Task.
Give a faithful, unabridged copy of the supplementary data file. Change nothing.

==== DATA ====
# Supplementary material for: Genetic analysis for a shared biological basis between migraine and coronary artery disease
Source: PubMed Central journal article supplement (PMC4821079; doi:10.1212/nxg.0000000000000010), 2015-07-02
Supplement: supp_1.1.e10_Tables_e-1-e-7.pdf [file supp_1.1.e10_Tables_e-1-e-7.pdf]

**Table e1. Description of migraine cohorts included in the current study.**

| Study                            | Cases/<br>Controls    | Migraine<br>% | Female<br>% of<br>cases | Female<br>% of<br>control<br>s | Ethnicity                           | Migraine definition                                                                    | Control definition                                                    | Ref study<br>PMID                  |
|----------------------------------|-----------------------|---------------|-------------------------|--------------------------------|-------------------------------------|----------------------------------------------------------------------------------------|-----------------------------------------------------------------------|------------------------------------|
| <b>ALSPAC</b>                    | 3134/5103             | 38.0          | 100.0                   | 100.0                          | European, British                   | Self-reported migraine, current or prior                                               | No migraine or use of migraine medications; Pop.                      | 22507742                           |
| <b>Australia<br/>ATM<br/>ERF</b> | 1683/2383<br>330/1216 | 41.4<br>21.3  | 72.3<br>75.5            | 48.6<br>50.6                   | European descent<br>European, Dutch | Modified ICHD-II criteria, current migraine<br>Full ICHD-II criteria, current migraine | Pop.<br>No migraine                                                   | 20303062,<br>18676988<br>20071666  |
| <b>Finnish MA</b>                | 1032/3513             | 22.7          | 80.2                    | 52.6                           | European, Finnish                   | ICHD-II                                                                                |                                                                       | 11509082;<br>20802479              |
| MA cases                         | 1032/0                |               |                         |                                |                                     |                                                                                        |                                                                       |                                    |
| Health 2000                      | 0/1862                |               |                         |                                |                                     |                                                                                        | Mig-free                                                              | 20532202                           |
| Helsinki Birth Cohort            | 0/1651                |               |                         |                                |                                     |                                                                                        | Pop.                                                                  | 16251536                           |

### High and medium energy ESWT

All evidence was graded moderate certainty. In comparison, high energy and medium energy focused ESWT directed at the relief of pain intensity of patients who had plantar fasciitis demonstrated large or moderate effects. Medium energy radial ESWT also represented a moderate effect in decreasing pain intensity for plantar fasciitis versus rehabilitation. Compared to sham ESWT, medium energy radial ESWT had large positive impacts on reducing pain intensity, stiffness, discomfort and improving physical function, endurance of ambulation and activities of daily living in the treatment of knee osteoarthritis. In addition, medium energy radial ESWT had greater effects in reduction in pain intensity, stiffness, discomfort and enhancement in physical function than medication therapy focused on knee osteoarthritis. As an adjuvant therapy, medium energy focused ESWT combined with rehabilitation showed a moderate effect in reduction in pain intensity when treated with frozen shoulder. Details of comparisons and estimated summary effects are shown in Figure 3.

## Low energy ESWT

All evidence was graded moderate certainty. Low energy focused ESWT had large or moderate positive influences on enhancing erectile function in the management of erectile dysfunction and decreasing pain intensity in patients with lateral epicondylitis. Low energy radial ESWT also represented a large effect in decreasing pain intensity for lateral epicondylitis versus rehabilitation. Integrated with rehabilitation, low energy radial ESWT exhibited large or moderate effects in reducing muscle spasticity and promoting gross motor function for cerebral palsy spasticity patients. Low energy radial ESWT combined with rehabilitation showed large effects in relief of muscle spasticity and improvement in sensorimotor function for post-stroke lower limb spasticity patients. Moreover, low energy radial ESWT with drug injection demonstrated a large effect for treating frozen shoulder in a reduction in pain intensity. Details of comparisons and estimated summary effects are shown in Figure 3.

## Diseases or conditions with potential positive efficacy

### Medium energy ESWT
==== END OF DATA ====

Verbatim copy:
# Supplementary material for: Genetic analysis for a shared biological basis between migraine and coronary artery disease
Source: PubMed Central journal article supplement (PMC4821079; doi:10.1212/nxg.0000000000000010), 2015-07-02
Supplement: supp_1.1.e10_Tables_e-1-e-7.pdf [file supp_1.1.e10_Tables_e-1-e-7.pdf]

**Table e1. Description of migraine cohorts included in the current study.**

| Study                            | Cases/<br>Controls    | Migraine<br>% | Female<br>% of<br>cases | Female<br>% of<br>control<br>s | Ethnicity                           | Migraine definition                                                                    | Control definition                                                    | Ref study<br>PMID                  |
|----------------------------------|-----------------------|---------------|-------------------------|--------------------------------|-------------------------------------|----------------------------------------------------------------------------------------|-----------------------------------------------------------------------|------------------------------------|
| <b>ALSPAC</b>                    | 3134/5103             | 38.0          | 100.0                   | 100.0                          | European, British                   | Self-reported migraine, current or prior                                               | No migraine or use of migraine medications; Pop.                      | 22507742                           |
| <b>Australia<br/>ATM<br/>ERF</b> | 1683/2383<br>330/1216 | 41.4<br>21.3  | 72.3<br>75.5            | 48.6<br>50.6                   | European descent<br>European, Dutch | Modified ICHD-II criteria, current migraine<br>Full ICHD-II criteria, current migraine | Pop.<br>No migraine                                                   | 20303062,<br>18676988<br>20071666  |
| <b>Finnish MA</b>                | 1032/3513             | 22.7          | 80.2                    | 52.6                           | European, Finnish                   | ICHD-II                                                                                |                                                                       | 11509082;<br>20802479              |
| MA cases                         | 1032/0                |               |                         |                                |                                     |                                                                                        |                                                                       |                                    |
| Health 2000                      | 0/1862                |               |                         |                                |                                     |                                                                                        | Mig-free                                                              | 20532202                           |
| Helsinki Birth Cohort            | 0/1651                |               |                         |                                |                                     |                                                                                        | Pop.                                                                  | 16251536                           |

### High and medium energy ESWT

All evidence was graded moderate certainty. In comparison, high energy and medium energy focused ESWT directed at the relief of pain intensity of patients who had plantar fasciitis demonstrated large or moderate effects. Medium energy radial ESWT also represented a moderate effect in decreasing pain intensity for plantar fasciitis versus rehabilitation. Compared to sham ESWT, medium energy radial ESWT had large positive impacts on reducing pain intensity, stiffness, discomfort and improving physical function, endurance of ambulation and activities of daily living in the treatment of knee osteoarthritis. In addition, medium energy radial ESWT had greater effects in reduction in pain intensity, stiffness, discomfort and enhancement in physical function than medication therapy focused on knee osteoarthritis. As an adjuvant therapy, medium energy focused ESWT combined with rehabilitation showed a moderate effect in reduction in pain intensity when treated with frozen shoulder. Details of comparisons and estimated summary effects are shown in Figure 3.

## Low energy ESWT

All evidence was graded moderate certainty. Low energy focused ESWT had large or moderate positive influences on enhancing erectile function in the management of erectile dysfunction and decreasing pain intensity in patients with lateral epicondylitis. Low energy radial ESWT also represented a large effect in decreasing pain intensity for lateral epicondylitis versus rehabilitation. Integrated with rehabilitation, low energy radial ESWT exhibited large or moderate effects in reducing muscle spasticity and promoting gross motor function for cerebral palsy spasticity patients. Low energy radial ESWT combined with rehabilitation showed large effects in relief of muscle spasticity and improvement in sensorimotor function for post-stroke lower limb spasticity patients. Moreover, low energy radial ESWT with drug injection demonstrated a large effect for treating frozen shoulder in a reduction in pain intensity. Details of comparisons and estimated summary effects are shown in Figure 3.

## Diseases or conditions with potential positive efficacy

### Medium energy ESWT